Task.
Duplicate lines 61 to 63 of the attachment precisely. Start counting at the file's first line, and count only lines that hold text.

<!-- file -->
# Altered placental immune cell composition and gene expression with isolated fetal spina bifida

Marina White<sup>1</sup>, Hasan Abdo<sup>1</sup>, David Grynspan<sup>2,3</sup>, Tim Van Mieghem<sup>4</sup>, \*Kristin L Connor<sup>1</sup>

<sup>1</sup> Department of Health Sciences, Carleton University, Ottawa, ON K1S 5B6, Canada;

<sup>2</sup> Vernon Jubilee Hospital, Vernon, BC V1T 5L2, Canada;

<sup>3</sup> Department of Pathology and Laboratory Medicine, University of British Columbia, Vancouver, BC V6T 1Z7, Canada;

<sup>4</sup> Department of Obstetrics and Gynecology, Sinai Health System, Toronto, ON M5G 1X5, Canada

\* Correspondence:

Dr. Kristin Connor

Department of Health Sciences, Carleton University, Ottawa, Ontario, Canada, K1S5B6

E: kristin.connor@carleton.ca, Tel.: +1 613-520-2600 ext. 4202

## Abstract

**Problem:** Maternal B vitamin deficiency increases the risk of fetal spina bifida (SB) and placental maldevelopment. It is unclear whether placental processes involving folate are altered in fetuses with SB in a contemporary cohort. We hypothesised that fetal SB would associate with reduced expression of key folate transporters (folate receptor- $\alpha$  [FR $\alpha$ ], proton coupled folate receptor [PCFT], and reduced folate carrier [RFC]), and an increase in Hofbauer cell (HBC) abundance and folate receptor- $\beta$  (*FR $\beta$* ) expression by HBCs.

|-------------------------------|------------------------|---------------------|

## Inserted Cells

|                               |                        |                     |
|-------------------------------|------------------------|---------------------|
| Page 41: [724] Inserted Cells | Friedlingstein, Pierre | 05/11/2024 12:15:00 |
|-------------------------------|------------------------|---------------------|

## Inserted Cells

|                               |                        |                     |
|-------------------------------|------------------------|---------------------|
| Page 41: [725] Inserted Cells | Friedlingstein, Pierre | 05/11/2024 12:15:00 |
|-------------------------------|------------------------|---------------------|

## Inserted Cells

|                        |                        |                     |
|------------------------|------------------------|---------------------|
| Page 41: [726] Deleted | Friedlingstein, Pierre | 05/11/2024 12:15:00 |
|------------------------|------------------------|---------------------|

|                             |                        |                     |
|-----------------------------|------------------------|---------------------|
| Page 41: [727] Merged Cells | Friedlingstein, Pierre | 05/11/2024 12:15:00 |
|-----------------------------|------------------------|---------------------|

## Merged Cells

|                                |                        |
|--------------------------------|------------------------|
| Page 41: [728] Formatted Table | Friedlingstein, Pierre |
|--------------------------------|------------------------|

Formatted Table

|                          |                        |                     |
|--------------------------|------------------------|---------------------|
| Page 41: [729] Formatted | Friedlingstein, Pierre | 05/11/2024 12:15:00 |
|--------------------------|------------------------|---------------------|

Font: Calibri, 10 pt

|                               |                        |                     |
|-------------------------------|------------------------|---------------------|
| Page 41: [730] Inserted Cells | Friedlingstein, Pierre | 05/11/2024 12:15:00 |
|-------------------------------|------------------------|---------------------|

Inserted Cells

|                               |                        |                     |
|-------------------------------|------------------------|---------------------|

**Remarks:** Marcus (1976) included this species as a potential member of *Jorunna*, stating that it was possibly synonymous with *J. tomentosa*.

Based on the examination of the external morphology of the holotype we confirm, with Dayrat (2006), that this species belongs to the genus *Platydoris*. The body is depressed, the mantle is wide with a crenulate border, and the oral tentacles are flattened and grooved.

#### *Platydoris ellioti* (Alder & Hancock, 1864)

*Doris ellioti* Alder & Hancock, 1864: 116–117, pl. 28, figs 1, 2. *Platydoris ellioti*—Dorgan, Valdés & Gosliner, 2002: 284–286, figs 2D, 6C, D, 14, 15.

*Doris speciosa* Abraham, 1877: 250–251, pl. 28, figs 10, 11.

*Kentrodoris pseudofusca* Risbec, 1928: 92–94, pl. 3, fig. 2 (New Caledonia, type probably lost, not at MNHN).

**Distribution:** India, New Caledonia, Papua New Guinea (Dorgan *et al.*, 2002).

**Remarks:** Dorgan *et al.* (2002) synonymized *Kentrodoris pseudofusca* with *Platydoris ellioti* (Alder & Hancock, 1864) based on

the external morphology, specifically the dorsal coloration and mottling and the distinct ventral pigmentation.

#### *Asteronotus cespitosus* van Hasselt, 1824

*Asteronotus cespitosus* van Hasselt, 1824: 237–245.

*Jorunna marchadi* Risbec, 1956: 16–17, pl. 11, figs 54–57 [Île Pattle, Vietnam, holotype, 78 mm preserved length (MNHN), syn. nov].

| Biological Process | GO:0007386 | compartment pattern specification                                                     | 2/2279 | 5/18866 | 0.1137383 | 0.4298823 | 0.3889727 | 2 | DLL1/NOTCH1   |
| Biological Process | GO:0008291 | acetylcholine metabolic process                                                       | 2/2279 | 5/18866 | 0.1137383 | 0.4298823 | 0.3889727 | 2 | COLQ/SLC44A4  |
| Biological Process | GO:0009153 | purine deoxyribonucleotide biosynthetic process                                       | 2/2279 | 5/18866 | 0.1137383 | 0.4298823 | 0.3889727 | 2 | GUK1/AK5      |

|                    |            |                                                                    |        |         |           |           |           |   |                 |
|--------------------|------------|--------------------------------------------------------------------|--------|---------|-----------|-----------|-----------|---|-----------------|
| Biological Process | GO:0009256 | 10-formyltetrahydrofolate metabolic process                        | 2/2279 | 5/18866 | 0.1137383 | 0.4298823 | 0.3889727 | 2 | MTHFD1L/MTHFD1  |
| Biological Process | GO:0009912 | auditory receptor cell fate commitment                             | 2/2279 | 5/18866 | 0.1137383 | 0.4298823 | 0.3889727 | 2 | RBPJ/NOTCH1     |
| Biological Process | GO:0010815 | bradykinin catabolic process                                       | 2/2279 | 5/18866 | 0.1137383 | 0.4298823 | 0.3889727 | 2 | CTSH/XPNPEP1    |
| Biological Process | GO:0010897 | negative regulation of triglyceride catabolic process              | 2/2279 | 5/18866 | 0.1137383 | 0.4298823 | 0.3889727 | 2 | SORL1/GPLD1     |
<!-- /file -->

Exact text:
*Asteronotus cespitosus* van Hasselt, 1824: 237–245.

*Jorunna marchadi* Risbec, 1956: 16–17, pl. 11, figs 54–57 [Île Pattle, Vietnam, holotype, 78 mm preserved length (MNHN), syn. nov].

| Biological Process | GO:0007386 | compartment pattern specification                                                     | 2/2279 | 5/18866 | 0.1137383 | 0.4298823 | 0.3889727 | 2 | DLL1/NOTCH1   |